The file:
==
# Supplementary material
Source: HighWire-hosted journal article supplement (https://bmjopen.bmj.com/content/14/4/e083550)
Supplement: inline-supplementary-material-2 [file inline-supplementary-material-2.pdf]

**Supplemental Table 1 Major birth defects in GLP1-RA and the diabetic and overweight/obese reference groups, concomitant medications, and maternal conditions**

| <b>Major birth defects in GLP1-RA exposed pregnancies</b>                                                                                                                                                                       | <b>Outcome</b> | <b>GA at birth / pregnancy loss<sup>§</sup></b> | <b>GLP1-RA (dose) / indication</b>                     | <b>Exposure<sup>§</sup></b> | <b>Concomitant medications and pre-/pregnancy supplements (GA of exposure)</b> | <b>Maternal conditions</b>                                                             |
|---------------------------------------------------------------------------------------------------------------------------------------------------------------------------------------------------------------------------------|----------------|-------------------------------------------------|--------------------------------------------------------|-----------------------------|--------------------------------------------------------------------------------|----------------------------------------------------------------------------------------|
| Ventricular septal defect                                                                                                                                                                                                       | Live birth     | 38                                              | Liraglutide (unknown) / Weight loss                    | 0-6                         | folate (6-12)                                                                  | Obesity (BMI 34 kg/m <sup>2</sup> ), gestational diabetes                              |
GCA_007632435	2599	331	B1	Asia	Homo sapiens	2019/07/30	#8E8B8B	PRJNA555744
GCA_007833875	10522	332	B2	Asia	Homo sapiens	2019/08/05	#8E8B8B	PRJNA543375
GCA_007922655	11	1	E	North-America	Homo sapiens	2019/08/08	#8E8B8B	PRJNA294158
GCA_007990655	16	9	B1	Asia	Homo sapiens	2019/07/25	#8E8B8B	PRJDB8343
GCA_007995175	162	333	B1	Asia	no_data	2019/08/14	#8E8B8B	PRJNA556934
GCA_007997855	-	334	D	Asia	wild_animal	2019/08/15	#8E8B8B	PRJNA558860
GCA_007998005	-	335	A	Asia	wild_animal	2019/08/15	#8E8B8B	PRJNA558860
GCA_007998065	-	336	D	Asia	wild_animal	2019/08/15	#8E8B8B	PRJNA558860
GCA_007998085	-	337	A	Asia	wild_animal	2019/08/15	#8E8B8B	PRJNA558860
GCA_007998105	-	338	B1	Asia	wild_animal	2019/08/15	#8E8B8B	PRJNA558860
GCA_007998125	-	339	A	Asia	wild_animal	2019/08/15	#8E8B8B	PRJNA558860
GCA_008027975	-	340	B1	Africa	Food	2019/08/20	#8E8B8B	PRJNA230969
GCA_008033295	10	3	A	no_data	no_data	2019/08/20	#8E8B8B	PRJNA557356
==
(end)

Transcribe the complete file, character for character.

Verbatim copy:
# Supplementary material
Source: HighWire-hosted journal article supplement (https://bmjopen.bmj.com/content/14/4/e083550)
Supplement: inline-supplementary-material-2 [file inline-supplementary-material-2.pdf]

**Supplemental Table 1 Major birth defects in GLP1-RA and the diabetic and overweight/obese reference groups, concomitant medications, and maternal conditions**

| <b>Major birth defects in GLP1-RA exposed pregnancies</b>                                                                                                                                                                       | <b>Outcome</b> | <b>GA at birth / pregnancy loss<sup>§</sup></b> | <b>GLP1-RA (dose) / indication</b>                     | <b>Exposure<sup>§</sup></b> | <b>Concomitant medications and pre-/pregnancy supplements (GA of exposure)</b> | <b>Maternal conditions</b>                                                             |
|---------------------------------------------------------------------------------------------------------------------------------------------------------------------------------------------------------------------------------|----------------|-------------------------------------------------|--------------------------------------------------------|-----------------------------|--------------------------------------------------------------------------------|----------------------------------------------------------------------------------------|
| Ventricular septal defect                                                                                                                                                                                                       | Live birth     | 38                                              | Liraglutide (unknown) / Weight loss                    | 0-6                         | folate (6-12)                                                                  | Obesity (BMI 34 kg/m <sup>2</sup> ), gestational diabetes                              |
GCA_007632435	2599	331	B1	Asia	Homo sapiens	2019/07/30	#8E8B8B	PRJNA555744
GCA_007833875	10522	332	B2	Asia	Homo sapiens	2019/08/05	#8E8B8B	PRJNA543375
GCA_007922655	11	1	E	North-America	Homo sapiens	2019/08/08	#8E8B8B	PRJNA294158
GCA_007990655	16	9	B1	Asia	Homo sapiens	2019/07/25	#8E8B8B	PRJDB8343
GCA_007995175	162	333	B1	Asia	no_data	2019/08/14	#8E8B8B	PRJNA556934
GCA_007997855	-	334	D	Asia	wild_animal	2019/08/15	#8E8B8B	PRJNA558860
GCA_007998005	-	335	A	Asia	wild_animal	2019/08/15	#8E8B8B	PRJNA558860
GCA_007998065	-	336	D	Asia	wild_animal	2019/08/15	#8E8B8B	PRJNA558860
GCA_007998085	-	337	A	Asia	wild_animal	2019/08/15	#8E8B8B	PRJNA558860
GCA_007998105	-	338	B1	Asia	wild_animal	2019/08/15	#8E8B8B	PRJNA558860
GCA_007998125	-	339	A	Asia	wild_animal	2019/08/15	#8E8B8B	PRJNA558860
GCA_008027975	-	340	B1	Africa	Food	2019/08/20	#8E8B8B	PRJNA230969
GCA_008033295	10	3	A	no_data	no_data	2019/08/20	#8E8B8B	PRJNA557356